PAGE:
Fungi, like flowers, are incredibly diverse. They come in all shapes and sizes, from little button mushrooms to giant puffballs, so big they can be mistaken for sheep. But unlike flowers, fungus isn’t a very popular photography subject. With the exception of cute fairytale mushrooms, fungus is sorely under-photographed. Perhaps that’s because fungus is challenging to find and photograph, especially compared to brightly-colored flowers. While some species of fungi are colorful, many others are brown or white – colors that blend into a forest. You have to look carefully to find them, and then you still have to figure out the lighting to get nice fungi photos! Nevertheless, fungi can be striking subjects worth searching for.
Here’s a quick overview of the information waiting for you in the article below:
- Bernard Spragg and What to Know About Fungi
- How to Find Fungi to Photograph
- How to Photograph Fungi
- Cool Fungi Photographs for Inspiration
Bernard Spragg and What to Know About Fungi
Just look at some of the beautiful fungi photos taken by photographers like Bernard Spragg. Based in New Zealand, Bernard has well over 300 pictures of fungi of all shapes, sizes, and colors. His photography shows how diverse fungi is and how bizarre and wonderful they are to photograph. But Bernard hasn’t just photographed the fungi. He’s also read up on each species he’s shot and posts his pictures of fungi with names and descriptions. For example, this is what he wrote about “Clathrus Archeri” fungi, also known as Devil’s Fingers:
“When it come to creepy-looking plants, Clathrus archeri has creeps to spare. Commonly known as Devil’s Fingers (or the rather less scary name of Octopus Stinkhorn), it is a native to Australia and Tasmania, although it has become an introduced species in Europe, North America and Asia. The young fungus erupts from a partly buried white ball known as a suberumpent egg by forming into four to seven elongated slender arms initially erect and attached at the top. The arms then unfold to reveal a pinkish-red interior covered with a dark-olive spore-containing gleba. In maturity it smells of putrid flesh and thereby attracts flies, which unwittingly spread the spores and therefore proliferate the species.”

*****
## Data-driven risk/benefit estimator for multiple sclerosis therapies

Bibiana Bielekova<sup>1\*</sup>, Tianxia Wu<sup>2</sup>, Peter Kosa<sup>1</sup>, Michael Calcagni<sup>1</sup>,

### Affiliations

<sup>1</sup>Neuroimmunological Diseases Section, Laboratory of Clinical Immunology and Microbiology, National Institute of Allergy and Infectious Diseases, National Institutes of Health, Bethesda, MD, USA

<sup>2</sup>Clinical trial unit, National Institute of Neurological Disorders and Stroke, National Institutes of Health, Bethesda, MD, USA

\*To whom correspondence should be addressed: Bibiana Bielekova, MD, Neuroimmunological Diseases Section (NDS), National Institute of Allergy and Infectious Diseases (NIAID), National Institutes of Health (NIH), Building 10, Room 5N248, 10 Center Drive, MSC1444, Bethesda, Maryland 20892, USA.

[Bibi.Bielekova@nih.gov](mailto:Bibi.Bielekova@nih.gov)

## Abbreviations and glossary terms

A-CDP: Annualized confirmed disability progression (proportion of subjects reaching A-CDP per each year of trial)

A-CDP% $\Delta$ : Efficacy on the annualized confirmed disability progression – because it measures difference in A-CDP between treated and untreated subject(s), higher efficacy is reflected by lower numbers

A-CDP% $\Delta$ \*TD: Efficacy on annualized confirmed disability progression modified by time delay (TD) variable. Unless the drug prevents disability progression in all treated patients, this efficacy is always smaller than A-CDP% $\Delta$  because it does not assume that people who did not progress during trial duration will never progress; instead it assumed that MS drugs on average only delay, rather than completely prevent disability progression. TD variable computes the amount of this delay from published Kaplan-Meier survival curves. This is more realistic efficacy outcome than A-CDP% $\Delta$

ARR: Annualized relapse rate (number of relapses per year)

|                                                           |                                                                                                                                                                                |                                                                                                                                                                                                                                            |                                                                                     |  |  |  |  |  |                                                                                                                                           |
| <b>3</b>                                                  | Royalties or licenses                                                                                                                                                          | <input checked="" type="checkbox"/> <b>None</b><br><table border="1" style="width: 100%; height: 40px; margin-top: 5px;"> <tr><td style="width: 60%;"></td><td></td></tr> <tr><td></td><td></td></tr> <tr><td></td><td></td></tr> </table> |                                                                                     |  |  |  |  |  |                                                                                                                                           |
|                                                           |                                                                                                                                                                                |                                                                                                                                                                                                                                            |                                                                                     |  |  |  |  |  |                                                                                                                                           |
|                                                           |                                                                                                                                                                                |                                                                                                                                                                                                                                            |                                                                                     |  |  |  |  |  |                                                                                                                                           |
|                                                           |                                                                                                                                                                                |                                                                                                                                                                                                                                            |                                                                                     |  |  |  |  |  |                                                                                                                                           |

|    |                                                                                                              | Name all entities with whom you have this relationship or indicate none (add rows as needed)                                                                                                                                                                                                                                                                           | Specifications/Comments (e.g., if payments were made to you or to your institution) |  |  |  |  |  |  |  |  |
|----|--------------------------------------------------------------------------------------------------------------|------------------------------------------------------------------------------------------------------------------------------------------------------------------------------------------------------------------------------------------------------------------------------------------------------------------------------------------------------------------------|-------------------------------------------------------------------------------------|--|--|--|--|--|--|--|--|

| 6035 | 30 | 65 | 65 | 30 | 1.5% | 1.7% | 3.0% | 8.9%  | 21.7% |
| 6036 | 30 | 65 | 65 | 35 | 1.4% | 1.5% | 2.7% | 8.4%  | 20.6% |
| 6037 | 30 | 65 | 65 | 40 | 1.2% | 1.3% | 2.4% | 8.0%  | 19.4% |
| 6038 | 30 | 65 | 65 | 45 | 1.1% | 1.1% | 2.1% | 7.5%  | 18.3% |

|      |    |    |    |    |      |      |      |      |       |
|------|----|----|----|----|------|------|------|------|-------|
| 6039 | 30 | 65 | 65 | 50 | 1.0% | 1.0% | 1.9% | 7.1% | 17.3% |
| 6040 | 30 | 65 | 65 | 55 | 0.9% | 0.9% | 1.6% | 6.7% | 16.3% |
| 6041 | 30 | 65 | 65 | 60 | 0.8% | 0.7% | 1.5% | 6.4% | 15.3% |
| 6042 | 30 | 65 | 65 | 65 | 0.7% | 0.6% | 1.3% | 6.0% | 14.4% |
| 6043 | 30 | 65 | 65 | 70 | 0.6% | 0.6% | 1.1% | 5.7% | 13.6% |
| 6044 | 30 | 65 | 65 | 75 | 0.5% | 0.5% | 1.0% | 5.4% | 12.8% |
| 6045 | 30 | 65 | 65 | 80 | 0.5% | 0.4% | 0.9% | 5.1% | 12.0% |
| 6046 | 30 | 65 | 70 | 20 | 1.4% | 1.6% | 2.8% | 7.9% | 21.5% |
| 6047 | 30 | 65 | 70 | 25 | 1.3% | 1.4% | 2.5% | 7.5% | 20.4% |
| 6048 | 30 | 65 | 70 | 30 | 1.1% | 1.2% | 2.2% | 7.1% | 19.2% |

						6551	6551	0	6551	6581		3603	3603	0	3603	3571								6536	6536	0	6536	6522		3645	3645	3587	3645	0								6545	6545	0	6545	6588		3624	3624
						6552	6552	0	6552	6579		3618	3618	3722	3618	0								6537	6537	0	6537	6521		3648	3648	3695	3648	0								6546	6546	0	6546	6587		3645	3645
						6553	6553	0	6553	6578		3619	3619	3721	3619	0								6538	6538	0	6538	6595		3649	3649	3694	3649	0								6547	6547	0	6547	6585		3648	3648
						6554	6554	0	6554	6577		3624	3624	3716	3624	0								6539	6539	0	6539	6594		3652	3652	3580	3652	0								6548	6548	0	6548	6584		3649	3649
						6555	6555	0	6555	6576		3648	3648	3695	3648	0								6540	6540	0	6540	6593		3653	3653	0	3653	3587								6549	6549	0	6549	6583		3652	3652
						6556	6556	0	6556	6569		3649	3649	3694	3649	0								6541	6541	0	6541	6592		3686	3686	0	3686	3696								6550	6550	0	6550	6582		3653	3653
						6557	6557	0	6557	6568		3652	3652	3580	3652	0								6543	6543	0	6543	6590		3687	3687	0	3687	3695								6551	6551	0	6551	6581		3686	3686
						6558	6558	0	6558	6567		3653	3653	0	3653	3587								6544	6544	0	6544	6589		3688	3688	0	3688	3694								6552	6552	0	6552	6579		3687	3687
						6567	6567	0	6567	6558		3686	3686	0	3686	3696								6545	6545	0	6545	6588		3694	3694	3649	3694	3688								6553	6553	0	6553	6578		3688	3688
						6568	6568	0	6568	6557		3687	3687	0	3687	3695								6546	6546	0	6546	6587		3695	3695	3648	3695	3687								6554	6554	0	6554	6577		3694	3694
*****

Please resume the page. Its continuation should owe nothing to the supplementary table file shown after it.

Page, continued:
Clathrus archeri (Devil’s fingers)
Of course, photographing so many kinds of fungi takes patience and a lot of walking around in a forest. But even a single brilliant shot can be worth that effort. Here are some tips for finding and photographing fungi.
How to Find Fungi for Fungi Photos
Head into a meadow or wooded area.
More than 80% of fungi grow around trees, so woodlands are an ideal place to find mushrooms and other fungi. They tend to like darkness, dampness, rotting wood, and fallen leaves. Try looking in the crevices of dead trees and in the undergrowth of the forest.
Some species of fungi only grow around specific kinds of trees, which they attach themselves to. For instance, chanterelles grow around birch, pine, oak, and beech trees. Similarly, some species (like the Fairy Ring Toadstool) only grow in open fields or meadows. In other words, if you’re looking for a certain kind of fungi, be sure to research where that species grows before you head out.
When you find a mushroom, keep looking around for more.
In most cases, a single mushroom is only the tip of the iceberg. If you find one, you’re likely to find many more close by. That’s because mushrooms are typically connected underground. The largest part of the fungus is hidden under the soil, and mushrooms are just the flowering part of this giant, underground fungus.
If you’ve spotted a mushroom, then, take time to search the area for others. You’re likely to find more, and perhaps they’ll be more striking than the first one you found.